Can you shift your emotional state at will? Can you shift your team members’ too?
Most of us can’t—when we get emotionally triggered we’re toast. Our train has left the proverbial station and we’re on it.
We’re reacting instead of responding from choice.
Let’s look at a common case of the Critter State (the reactive compulsive state) winning over the Smart State (the state of chosen response): the performance hijack. Performance hijacks happen when people lose their access to resources in clutch situations. For example, a high-potential manager walks into a senior manager’s office and can’t speak in coherent sentences although he knows the material. Or a seasoned executive babbles at the board meeting when she is known for her clear thinking. Or the manager who just saved the company has been asked to present what he did and flounders through the presentation. All these are examples of a critter brain that has hijacked the prefrontal cortex.
“Alex” (fyi: I always cloak identities in case you’re a new reader) is a client of ours who works for a prestigious worldwide consulting group. He had been promoted to a role that involved far more presenting to and persuading key clients, and, suddenly he was freezing, stumbling, and losing clients. This high performer had become a liability. What was happening to Alex?
We all have patterning that at one time in our lives was vital for survival and/or belonging. In Alex’s case, his patterning was to be as invisible as possible; he’d been wired in childhood to avoid a parent with a rage problem. Invisibility was equivalent to safety for young Alex. The current-day trigger of high visibility in front of important clients was now activating this trigger and kept plunging him into his Critter State, where he had learned to shrink from the world in order to survive. His Critter State was running the show to ensure his survival–and his Smart State was shut down.
I am using Alex’s case here to illustrate what can happen when neural wiring starts running amok. All behaviors and behavior patterns had some kind of intended positive outcome at the time they were created; they were useful in some way to help the individual get the positive outcome they sought. The trouble is that as we grow and change some behavior patterns no longer serve us. They either need to be updated for the well-being of our current selves, or, in Alex’s case, they need to be released entirely. Adult Alex was no longer under daily physical threat, so it was essential to teach his brain that he would actually be safer being visible.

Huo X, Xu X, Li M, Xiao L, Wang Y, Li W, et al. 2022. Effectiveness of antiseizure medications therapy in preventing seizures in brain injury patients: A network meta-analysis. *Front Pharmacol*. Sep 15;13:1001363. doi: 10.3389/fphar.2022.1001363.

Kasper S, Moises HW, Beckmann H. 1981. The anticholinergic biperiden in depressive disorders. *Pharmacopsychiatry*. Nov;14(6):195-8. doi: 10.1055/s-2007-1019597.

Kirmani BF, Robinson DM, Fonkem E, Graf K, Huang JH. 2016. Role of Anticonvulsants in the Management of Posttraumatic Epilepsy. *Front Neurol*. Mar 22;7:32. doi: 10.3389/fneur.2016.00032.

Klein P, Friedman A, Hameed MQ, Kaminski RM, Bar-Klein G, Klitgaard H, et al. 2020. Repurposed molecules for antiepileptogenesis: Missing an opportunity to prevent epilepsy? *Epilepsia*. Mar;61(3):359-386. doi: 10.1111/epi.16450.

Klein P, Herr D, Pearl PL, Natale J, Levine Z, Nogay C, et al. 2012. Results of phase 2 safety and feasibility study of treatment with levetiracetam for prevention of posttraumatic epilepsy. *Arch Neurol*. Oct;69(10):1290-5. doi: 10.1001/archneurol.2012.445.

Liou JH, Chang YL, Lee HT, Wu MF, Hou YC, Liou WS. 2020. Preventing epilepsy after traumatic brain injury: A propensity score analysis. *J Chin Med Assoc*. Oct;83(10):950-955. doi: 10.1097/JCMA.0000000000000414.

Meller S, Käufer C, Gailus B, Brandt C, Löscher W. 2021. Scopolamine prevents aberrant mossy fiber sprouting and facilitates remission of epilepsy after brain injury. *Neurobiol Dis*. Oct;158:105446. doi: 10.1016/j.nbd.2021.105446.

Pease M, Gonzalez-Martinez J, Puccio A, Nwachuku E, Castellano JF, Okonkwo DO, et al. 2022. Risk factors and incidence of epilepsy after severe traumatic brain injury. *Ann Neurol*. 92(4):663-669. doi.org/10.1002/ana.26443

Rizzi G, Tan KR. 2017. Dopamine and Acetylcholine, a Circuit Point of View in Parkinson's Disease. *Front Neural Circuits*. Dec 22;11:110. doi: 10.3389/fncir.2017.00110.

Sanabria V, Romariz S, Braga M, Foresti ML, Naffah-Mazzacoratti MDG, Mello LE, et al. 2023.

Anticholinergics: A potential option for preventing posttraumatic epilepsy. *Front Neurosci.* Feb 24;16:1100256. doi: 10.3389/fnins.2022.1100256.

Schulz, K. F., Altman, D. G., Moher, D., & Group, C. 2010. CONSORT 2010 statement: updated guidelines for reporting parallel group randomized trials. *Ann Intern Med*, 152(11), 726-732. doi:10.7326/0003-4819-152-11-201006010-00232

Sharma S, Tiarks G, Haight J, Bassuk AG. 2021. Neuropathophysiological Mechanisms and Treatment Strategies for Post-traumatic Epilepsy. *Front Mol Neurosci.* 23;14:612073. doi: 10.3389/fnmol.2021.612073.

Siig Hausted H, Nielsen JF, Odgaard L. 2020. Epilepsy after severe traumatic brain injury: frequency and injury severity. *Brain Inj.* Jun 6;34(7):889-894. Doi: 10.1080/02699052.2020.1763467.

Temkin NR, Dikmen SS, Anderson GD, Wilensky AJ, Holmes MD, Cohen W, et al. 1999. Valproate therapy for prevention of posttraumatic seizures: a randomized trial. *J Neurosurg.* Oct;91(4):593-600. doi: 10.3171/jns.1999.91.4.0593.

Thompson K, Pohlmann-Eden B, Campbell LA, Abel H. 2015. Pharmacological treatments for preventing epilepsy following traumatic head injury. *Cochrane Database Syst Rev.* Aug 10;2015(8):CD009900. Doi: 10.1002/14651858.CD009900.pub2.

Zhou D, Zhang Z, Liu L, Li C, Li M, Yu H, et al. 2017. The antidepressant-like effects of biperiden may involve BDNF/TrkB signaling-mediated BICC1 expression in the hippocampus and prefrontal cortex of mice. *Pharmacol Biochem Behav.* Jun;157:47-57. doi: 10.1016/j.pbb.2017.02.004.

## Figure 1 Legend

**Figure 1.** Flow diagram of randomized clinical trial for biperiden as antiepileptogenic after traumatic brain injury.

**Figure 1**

Another client panicked when asked to speak in front of a group (“group” being defined as more than one person). Another client inexplicably age-regressed and took on the behavior of a young child in front of a new board member. Yet another client wanted new financing but consistently sabotaged new opportunities. Performance hijacks, all—and more common than you may think. Per Dr. Howard Rankin, our Critter State hijacks our Smart State often—and usually within one twelfth of a second!
I am happy to report that a number of neuroscience techniques work really well to access our resourceful Smart State in these sticky situations. In Alex’s case, we also applied a process which allowed him to have choice about his behaviors in formerly high-visibility triggering situations.
Here’s essentially what the process was: we excavated the initial trauma that had created the invisibility safety pattern by using a neuroscience-based process called a Trans-Derivational Search. Your neuroscience-based executive coach can do this for you. If you don’t have one, start with an outcome frame (you’ll see it explained in this blog) to uncover the ecology issues that may be causing the challenge. Next, we helped him access resources he already had and applied in other contexts, including quick analysis of a situation and clearly articulating his point of view. Then we connected and anchored these helpful resources to the problem state (the hijack trigger) so he was able to use a new path of response as opposed to his historical and compulsive reaction. The result: Alex has been promoted to partner now and capably persuades clients to consider new strategies and additional services from his firm.
1) Identify the reaction and find the root cause.
2) Identify the intended positive outcome of the behavior (in Alex’s case, to be safe).
3) Forge a new behavior that will still ensure the intended positive outcome is fulfilled (for Alex now, his new behavior and belief is being visible is safe)
When performance hijacks happen, our Critter State is trying to keep us safe by running an old program that worked once—meaning that we survived that original situation. Cases of hijack include anything that triggers an automatic reaction that we would not consciously choose.
The Critter State will always trump the Smart State–survival will always be coded as paramount—until we learn how to develop rapport with our own critter and shift states intentionally. The trick is to increase safety, belonging, and mattering. When we do that, when we even make it safe for ourselves, for our team to recognize when they are triggered and to step back from it, we increase choice, allow change, and promote innovation.
When do you get triggered?